Ohio port plans for start of all-water container service to Europe this spring.
The Port of Cleveland is about to embark on a bold move – offering a scheduled all-water container service from one of its terminals in the Great Lakes to the Port of Antwerp in Europe this spring.
The port, which has cargo terminals spread across 12 docks to the east and west of the Cuyahoga River along the Lake Erie shoreline, is known for its nearly 175-year history of handling bulk iron ore, not containers.
“This is a fairly bold move on our part,” said William Friedman, president and chief executive officer of the Cleveland-Cuyahoga County Port Authority, in a recent interview. “However, we felt like we needed to try something innovative or we would be stuck in status quo.”
In 2012, the port authority hired Martin Associates, a Lancaster, Pa.-based industry consulting firm, to undertake a study to see if the port stood a chance at dipping its toe in the container market. Surprisingly, a number of Ohio shippers interviewed for the study welcomed a local alternative to serving Europe via traditional East Coast ports, such as Montreal, New York/New Jersey, Baltimore and Norfolk, Va.
“The primary attraction was to have an alternate option to keep all lanes competitive,” said Steve Wharton, operations manager at The Lubrizol Corp., based in Wickliffe, Ohio. The company has voiced support for the Cleveland-Europe Express container service.
Lubrizol, which ships globally from its plants in the Midwest, moves about 600 TEUs of drummed lubricants annually to Northwest Europe. According to Wharton’s initial assessment of the proposed service, “transit time should be comparable and costs should be competitive with other delivery options.”
The port-to-port transit time between Cleveland and Antwerp is estimated to be 12 to 14 days, which is equal to the door-to-door transits for containers moving from Ohio via truck or rail to a U.S. Northeast port and then to Northern Europe by vessel.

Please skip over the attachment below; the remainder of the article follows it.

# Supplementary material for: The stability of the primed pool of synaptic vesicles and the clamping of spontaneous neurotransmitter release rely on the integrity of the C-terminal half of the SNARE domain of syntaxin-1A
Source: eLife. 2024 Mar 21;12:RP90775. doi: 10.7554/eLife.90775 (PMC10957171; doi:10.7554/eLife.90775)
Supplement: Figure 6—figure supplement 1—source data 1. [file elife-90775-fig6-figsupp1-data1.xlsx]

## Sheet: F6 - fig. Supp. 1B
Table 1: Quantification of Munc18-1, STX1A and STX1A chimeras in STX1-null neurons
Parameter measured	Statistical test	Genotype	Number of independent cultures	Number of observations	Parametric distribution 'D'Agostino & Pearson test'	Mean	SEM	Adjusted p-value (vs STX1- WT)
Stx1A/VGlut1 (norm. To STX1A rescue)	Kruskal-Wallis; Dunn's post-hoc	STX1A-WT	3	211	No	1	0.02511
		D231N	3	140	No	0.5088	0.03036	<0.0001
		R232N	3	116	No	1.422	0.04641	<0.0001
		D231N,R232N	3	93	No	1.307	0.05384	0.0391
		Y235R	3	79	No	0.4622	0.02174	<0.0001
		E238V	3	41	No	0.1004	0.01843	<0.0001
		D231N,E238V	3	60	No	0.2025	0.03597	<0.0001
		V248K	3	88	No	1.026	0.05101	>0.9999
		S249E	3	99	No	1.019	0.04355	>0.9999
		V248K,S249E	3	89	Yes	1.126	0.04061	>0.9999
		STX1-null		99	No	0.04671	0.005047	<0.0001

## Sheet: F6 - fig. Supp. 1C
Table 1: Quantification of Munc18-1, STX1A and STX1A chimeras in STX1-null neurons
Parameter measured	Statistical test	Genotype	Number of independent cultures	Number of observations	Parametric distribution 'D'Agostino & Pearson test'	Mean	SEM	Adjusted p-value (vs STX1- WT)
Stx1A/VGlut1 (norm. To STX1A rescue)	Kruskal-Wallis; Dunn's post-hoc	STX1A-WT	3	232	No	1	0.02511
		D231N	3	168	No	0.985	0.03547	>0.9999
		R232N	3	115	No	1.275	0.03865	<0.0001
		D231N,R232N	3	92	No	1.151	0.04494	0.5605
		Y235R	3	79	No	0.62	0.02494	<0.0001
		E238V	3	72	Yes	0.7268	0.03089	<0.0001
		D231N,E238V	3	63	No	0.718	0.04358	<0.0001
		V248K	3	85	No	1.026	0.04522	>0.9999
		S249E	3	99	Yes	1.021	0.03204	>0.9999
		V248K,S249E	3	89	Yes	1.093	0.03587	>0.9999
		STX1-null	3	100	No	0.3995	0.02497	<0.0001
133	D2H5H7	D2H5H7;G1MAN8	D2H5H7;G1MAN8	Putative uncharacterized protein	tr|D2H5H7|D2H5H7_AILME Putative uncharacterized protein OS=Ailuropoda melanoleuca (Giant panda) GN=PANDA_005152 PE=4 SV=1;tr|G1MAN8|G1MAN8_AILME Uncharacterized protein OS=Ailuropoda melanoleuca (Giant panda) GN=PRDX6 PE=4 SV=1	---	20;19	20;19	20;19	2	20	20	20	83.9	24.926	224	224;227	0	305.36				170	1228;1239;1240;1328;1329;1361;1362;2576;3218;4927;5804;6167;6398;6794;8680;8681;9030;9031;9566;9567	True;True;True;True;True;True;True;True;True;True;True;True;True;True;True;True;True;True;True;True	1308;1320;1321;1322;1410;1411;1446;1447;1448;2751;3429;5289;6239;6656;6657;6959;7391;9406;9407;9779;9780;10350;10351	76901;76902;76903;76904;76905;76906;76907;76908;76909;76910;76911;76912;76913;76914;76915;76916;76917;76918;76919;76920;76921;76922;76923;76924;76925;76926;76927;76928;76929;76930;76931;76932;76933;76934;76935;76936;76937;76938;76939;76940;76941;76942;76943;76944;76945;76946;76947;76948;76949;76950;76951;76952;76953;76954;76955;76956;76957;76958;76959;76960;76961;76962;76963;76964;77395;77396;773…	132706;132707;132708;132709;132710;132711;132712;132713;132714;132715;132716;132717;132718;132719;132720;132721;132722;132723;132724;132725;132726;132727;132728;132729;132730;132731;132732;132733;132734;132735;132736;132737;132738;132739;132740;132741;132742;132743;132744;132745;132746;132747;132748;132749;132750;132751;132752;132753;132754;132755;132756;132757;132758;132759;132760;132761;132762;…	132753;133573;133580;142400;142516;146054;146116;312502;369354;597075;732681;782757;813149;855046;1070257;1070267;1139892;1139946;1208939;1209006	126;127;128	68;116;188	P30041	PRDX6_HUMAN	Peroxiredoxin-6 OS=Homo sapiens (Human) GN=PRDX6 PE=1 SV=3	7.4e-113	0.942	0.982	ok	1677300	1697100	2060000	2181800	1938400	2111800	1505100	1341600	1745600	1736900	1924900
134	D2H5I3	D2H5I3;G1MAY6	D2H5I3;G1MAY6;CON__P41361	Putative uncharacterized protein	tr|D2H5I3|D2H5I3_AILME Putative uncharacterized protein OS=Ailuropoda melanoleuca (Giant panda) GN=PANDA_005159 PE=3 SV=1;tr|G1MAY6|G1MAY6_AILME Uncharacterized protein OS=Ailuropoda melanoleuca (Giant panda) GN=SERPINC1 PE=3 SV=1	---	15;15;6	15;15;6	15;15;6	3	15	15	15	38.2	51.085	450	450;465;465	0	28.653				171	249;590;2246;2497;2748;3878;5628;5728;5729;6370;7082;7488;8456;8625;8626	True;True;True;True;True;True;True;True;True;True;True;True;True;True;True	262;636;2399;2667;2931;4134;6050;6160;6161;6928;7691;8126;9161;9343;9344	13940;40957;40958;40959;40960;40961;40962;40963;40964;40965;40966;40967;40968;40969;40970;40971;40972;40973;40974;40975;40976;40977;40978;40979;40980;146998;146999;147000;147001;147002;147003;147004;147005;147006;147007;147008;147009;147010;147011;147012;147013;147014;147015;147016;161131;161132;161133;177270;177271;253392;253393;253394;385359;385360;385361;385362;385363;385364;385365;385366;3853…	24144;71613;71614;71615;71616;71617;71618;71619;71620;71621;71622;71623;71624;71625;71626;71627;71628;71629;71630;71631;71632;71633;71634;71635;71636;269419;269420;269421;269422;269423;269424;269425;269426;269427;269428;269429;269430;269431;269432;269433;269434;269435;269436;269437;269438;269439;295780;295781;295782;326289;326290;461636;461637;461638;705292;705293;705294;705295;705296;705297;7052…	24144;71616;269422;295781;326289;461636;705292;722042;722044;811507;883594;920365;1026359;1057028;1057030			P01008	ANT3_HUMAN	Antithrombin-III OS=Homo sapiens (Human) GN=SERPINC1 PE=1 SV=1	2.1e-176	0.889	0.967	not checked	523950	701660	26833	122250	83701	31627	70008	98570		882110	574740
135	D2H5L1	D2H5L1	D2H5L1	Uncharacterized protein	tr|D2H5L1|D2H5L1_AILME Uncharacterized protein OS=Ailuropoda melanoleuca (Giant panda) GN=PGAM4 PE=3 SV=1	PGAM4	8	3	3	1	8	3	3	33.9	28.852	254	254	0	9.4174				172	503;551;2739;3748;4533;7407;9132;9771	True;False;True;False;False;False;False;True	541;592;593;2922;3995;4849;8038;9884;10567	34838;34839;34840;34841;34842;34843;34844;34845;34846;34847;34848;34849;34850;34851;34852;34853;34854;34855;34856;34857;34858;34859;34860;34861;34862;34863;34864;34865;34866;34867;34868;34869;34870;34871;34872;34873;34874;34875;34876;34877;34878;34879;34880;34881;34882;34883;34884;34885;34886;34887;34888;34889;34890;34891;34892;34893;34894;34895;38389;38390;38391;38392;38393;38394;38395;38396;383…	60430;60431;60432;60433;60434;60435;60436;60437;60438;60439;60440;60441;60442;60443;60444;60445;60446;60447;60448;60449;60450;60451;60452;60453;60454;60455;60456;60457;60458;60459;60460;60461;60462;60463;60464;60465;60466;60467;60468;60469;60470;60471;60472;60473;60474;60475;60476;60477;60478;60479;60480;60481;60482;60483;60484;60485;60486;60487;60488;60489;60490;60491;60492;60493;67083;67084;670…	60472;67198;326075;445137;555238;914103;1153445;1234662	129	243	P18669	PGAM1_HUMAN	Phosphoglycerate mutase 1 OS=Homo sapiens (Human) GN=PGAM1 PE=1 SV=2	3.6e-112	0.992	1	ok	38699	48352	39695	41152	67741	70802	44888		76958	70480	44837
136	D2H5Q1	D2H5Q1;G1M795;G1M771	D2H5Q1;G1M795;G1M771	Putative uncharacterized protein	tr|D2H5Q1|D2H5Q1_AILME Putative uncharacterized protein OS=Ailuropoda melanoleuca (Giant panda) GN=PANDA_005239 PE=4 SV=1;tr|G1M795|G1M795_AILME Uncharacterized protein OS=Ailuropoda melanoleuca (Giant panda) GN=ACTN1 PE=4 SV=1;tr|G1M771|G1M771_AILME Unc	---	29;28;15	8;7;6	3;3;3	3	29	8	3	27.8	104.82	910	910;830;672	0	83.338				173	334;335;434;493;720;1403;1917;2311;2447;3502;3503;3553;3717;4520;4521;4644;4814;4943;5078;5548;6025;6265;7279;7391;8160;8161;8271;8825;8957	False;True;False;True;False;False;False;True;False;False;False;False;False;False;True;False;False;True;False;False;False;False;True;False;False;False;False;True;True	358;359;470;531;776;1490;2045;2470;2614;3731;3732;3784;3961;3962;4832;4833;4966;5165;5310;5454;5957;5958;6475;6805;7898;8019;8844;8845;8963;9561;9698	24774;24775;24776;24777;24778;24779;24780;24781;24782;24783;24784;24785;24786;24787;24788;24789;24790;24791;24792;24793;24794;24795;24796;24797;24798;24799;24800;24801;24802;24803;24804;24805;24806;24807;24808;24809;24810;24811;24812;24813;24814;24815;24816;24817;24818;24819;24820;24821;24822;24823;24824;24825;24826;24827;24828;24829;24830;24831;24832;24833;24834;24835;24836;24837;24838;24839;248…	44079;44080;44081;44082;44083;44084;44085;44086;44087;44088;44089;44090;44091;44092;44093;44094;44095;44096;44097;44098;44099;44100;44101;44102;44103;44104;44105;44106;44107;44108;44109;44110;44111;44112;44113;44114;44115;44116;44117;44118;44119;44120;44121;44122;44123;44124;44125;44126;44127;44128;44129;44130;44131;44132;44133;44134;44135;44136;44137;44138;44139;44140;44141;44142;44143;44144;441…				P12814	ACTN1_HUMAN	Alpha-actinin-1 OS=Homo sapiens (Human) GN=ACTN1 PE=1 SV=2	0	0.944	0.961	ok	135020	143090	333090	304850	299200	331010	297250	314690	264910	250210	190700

The biggest challenge to the proposed Cleveland-Europe Express was attracting a carrier willing to undertake the all-water service. “The reality is that a lot of carriers look at the St. Lawrence Seaway (the waterway connecting the Atlantic to the Great Lakes) literally and figuratively as a big barrier to the market,” Friedman said.
Container services to the Great Lakes were attempted during the start of containerization in the 1960s, but none of them stuck and thus the liner carriers have bypassed all-water service to the region, opting to move boxes to Ohio by truck and rail from East and West coast ports.
However, the Dutch carrier Spliethoff Group expressed interest in the proposed service between Cleveland and Northern Europe. The carrier, which is no stranger to the Great Lakes, operates a fleet of more than 100 multipurpose, heavy-lift and roll-on/roll-off vessels ranging in size from 2,100 to 23,000 tons.
The port and carrier reached an agreement in November 2013 to offer a once-a-month scheduled vessel call at Cleveland, starting as early as mid-March. The agreement allows the port to add a second ship for a twice-monthly service, as demand increases.
“Providing scheduled, reliable capacity to America’s industrial heartland via the Great Lakes/St. Lawrence Seaway routing will enable shippers to connect more efficiently to the European continent,” said Bart Peters, manager of The Spliethoff Group’s America service, in a statement.